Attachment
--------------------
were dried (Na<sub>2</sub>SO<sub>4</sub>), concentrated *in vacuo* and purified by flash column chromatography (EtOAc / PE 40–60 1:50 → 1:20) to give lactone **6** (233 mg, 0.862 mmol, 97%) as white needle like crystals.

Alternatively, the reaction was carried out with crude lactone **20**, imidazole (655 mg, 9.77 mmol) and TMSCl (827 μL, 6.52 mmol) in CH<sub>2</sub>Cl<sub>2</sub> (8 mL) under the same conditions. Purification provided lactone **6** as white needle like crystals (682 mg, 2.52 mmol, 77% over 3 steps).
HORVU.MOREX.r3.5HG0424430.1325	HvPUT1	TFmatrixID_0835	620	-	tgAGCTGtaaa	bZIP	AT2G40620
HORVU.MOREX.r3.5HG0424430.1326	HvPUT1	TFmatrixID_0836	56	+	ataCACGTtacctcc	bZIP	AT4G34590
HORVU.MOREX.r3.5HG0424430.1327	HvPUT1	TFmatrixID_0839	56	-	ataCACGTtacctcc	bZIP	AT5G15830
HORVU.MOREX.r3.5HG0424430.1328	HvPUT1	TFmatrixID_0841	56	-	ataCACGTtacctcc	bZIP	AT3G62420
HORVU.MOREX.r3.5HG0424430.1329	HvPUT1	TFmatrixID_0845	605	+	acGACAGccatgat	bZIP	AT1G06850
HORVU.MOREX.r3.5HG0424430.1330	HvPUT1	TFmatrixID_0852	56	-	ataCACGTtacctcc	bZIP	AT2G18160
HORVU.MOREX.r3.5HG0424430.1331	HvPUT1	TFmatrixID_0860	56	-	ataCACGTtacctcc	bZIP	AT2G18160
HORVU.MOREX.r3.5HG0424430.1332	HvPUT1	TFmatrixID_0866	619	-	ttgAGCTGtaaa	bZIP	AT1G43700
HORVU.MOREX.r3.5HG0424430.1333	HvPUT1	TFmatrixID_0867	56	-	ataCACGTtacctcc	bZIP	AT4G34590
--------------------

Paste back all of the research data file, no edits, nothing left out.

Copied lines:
were dried (Na<sub>2</sub>SO<sub>4</sub>), concentrated *in vacuo* and purified by flash column chromatography (EtOAc / PE 40–60 1:50 → 1:20) to give lactone **6** (233 mg, 0.862 mmol, 97%) as white needle like crystals.

Alternatively, the reaction was carried out with crude lactone **20**, imidazole (655 mg, 9.77 mmol) and TMSCl (827 μL, 6.52 mmol) in CH<sub>2</sub>Cl<sub>2</sub> (8 mL) under the same conditions. Purification provided lactone **6** as white needle like crystals (682 mg, 2.52 mmol, 77% over 3 steps).
HORVU.MOREX.r3.5HG0424430.1325	HvPUT1	TFmatrixID_0835	620	-	tgAGCTGtaaa	bZIP	AT2G40620
HORVU.MOREX.r3.5HG0424430.1326	HvPUT1	TFmatrixID_0836	56	+	ataCACGTtacctcc	bZIP	AT4G34590
HORVU.MOREX.r3.5HG0424430.1327	HvPUT1	TFmatrixID_0839	56	-	ataCACGTtacctcc	bZIP	AT5G15830
HORVU.MOREX.r3.5HG0424430.1328	HvPUT1	TFmatrixID_0841	56	-	ataCACGTtacctcc	bZIP	AT3G62420
HORVU.MOREX.r3.5HG0424430.1329	HvPUT1	TFmatrixID_0845	605	+	acGACAGccatgat	bZIP	AT1G06850
HORVU.MOREX.r3.5HG0424430.1330	HvPUT1	TFmatrixID_0852	56	-	ataCACGTtacctcc	bZIP	AT2G18160
HORVU.MOREX.r3.5HG0424430.1331	HvPUT1	TFmatrixID_0860	56	-	ataCACGTtacctcc	bZIP	AT2G18160
HORVU.MOREX.r3.5HG0424430.1332	HvPUT1	TFmatrixID_0866	619	-	ttgAGCTGtaaa	bZIP	AT1G43700
HORVU.MOREX.r3.5HG0424430.1333	HvPUT1	TFmatrixID_0867	56	-	ataCACGTtacctcc	bZIP	AT4G34590